'14 Highlander: Same engines, much more juice
Redesign is better looking, family friendly
CARMEL, Calif. -- The fast-growing mid-sized crossover segment has become a three-way battle among the Ford Explorer, Honda Pilot and Toyota Highlander. Toyota hopes that with a 2014 redesign the Highlander can gain segment supremacy.
The basics: Although its engines remain the same, the Highlander gets dramatic changes to the sheet metal, interior design, all-wheel-drive setup, rear suspension and content levels.
The body panels are more sculpted and chiseled, with more angularity than before, and the hoodline appears chunkier. The overall length grows nearly 3 inches, with most of that going into the second- and third-row seats and cargo area. The Highlander is offered in seven- and eight-seat configurations.
Powertrain choices are a base 185-hp, 2.7-liter inline-four; a 270-hp, 3.5-liter V-6; and a 280-hp three-motor hybrid mated to the V-6. The same six-speed automatic transmission is shared by the four- and six-cylinder engines; only the final drive ratio is different.
A one-hour test circuit from Carmel to Big Sur returned 31 mpg for the hybrid, 27 mpg for the inline-four and 23 mpg for the V-6 with front-wheel drive.
The rear suspension was changed from a multilink design to a trailing-arm double-wishbone setup. By shortening the shock towers, Toyota made more room for the third-row seat and cargo area. Plus, the double wishbones are more dynamically responsive.
Notable features: Packaging improvements include more efficient use of space in the center stack, allowing for a soft-touch tray to stow cellular phones with a pass-through for power cords.
The center console can fit either a large purse or as many as 58 juice boxes. That's about 8.3 juice boxes per kid in a fully loaded vehicle. To ensure the driver can hear a request for a specific juice, Toyota increased the amount of sound insulation in the floor and used acoustic glass for the windshield.
Standard features include 18-inch wheels, eight airbags, Bluetooth connectivity, backup camera, daytime running lights, rear-zone climate control and a 6.1-inch touch screen. One cool optional feature, "Easy Speak," channels the driver's voice through the car's microphone and speakers to enable communication with back-seat passengers without shouting.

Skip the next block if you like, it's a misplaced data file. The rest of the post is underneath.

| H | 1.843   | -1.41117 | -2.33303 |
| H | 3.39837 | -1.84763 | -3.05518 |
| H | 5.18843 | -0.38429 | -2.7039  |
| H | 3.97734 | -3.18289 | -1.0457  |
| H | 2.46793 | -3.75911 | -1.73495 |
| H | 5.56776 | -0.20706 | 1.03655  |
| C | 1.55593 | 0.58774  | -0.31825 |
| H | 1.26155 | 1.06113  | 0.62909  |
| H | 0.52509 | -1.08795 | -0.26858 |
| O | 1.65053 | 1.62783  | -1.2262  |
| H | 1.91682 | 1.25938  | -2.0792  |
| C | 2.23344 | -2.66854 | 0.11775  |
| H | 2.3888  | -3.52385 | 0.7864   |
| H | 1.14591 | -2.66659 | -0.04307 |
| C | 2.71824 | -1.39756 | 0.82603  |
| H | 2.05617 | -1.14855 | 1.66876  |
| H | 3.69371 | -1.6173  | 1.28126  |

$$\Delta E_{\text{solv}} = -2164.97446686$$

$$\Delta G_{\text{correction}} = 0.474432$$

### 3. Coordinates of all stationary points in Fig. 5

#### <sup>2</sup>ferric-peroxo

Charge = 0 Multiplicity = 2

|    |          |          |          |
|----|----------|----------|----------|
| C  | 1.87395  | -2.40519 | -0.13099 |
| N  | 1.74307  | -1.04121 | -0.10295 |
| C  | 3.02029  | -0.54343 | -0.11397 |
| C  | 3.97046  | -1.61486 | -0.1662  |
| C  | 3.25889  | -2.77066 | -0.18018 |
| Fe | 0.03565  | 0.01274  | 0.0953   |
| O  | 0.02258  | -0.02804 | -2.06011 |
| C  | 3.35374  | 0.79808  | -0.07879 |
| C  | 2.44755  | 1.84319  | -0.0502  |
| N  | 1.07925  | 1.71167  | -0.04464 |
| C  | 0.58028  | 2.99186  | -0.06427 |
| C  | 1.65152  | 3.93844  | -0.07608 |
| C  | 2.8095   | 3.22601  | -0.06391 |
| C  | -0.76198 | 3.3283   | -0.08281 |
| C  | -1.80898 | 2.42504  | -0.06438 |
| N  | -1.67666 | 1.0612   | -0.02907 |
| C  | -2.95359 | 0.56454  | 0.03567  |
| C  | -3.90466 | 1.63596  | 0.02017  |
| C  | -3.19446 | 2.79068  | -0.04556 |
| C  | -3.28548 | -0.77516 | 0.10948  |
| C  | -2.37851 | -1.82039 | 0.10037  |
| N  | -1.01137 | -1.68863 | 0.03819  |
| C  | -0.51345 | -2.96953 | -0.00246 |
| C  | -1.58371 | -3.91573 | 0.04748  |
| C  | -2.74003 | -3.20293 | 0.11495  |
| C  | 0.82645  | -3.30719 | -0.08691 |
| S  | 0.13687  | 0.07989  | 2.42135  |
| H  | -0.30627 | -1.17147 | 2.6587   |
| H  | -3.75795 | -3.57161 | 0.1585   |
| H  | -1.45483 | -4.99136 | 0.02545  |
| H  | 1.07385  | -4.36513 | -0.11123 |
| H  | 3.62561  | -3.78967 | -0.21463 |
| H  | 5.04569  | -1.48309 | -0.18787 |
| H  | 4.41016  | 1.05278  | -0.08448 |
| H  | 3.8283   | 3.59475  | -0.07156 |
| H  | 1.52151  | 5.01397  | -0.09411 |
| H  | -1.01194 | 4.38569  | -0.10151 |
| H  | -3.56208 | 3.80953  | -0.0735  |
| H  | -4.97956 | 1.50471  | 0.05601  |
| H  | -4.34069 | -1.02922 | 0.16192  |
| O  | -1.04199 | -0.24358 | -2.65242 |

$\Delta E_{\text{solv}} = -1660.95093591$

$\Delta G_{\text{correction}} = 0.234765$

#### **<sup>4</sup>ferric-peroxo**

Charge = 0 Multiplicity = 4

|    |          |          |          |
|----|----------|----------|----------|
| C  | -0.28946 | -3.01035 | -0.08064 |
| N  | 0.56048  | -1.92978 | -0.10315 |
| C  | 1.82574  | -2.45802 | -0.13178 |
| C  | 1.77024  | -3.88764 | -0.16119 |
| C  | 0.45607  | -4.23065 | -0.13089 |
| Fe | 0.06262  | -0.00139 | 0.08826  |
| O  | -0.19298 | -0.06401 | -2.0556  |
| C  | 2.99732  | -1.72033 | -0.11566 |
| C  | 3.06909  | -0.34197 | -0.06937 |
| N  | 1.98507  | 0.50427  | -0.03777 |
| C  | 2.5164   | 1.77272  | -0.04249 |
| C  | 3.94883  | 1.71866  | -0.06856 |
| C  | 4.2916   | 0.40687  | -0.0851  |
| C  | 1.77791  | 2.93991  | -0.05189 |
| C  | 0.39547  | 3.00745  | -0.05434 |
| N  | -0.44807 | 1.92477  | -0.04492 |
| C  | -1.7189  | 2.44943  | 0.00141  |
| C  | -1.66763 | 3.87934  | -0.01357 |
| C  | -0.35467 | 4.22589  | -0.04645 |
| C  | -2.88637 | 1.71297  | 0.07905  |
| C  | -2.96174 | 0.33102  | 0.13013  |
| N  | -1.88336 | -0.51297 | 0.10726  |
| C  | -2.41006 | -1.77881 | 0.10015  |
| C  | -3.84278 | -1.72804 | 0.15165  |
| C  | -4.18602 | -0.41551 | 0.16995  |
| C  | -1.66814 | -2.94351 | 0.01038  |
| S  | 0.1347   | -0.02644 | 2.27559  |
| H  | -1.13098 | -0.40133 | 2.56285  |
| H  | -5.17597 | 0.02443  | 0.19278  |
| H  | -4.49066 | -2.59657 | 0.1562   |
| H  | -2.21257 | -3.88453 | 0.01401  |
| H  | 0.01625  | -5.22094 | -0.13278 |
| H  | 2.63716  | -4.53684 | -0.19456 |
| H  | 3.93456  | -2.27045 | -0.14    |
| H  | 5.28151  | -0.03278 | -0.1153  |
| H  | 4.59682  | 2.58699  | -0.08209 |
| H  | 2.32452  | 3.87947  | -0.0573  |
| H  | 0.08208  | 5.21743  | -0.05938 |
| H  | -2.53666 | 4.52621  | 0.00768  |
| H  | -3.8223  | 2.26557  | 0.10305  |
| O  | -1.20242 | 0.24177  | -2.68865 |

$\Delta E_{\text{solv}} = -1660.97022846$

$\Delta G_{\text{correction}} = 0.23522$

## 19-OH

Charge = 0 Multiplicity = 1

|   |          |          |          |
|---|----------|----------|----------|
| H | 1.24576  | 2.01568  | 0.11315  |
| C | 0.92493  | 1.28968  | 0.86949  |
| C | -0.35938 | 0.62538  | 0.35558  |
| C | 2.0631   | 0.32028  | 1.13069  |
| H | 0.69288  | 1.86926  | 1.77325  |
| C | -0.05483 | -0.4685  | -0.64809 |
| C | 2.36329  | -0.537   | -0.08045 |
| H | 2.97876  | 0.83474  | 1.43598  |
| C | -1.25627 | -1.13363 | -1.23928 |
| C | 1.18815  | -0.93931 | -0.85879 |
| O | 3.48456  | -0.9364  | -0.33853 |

|2014 Toyota Highlander||2013 Toyota Highlander|
|Wheelbase||109.8 in.||109.8 in.|
|Length||191.1 in.||188.4 in.|
|Width||75.8 in.||75.2 in.|
|Height||68.1 in.||68.1 in.|
|Curb weight||4,134 lbs.||3,946 lbs.|
|Base engine||2.7-liter inline-4||2.7-liter inline-4|
|Horsepower||185 hp @ 5,800 rpm||187 hp @ 5,800 rpm|
|Torque, lbs.-ft.||184 @ 4,200 rpm||186 @ 4,100 rpm|
|EPA mpg||20 city/25 hwy.||20 city/25 hwy.|
What Toyota says: "We had to improve the exterior styling; we had to make it an even better car for families, and we had to dial up the driving dynamics," said Bill Fay, Toyota Division general manager. "[We] addressed all of these areas in developing the most complete package in the segment."
Compromises and shortcomings: Toyota said a four-banger hybrid would not work because the vehicle is too heavy; the resulting hybrid would have been slow and had limited fuel economy gains. Although the second-row seats slide forward and the third-row seats recline, the third row clearly is designed only for small children and parcels; it is too cramped for adults.
The market: The Highlander goes on sale in January. Pricing starts at about $30,000 and zooms to $50,000 for a loaded hybrid version. But the sweet spot is around $36,000, which is where Toyota has placed its heaviest-content versions.
Toyota hopes to sell about 140,000 Highlanders annually, with about 60 percent being all-wheel drive.
The skinny: The sheet metal is more attractive and the interior packaging is smarter and much improved. Despite a weight gain of nearly 200 pounds, the performance of the four-banger is surprisingly good, and the V-6 still really hauls. The new rear suspension makes a difference tucking the car into corners. This is a strong challenger for best-in-class honors.
You can reach Mark Rechtin at firstname.lastname@example.org. -- Follow Mark on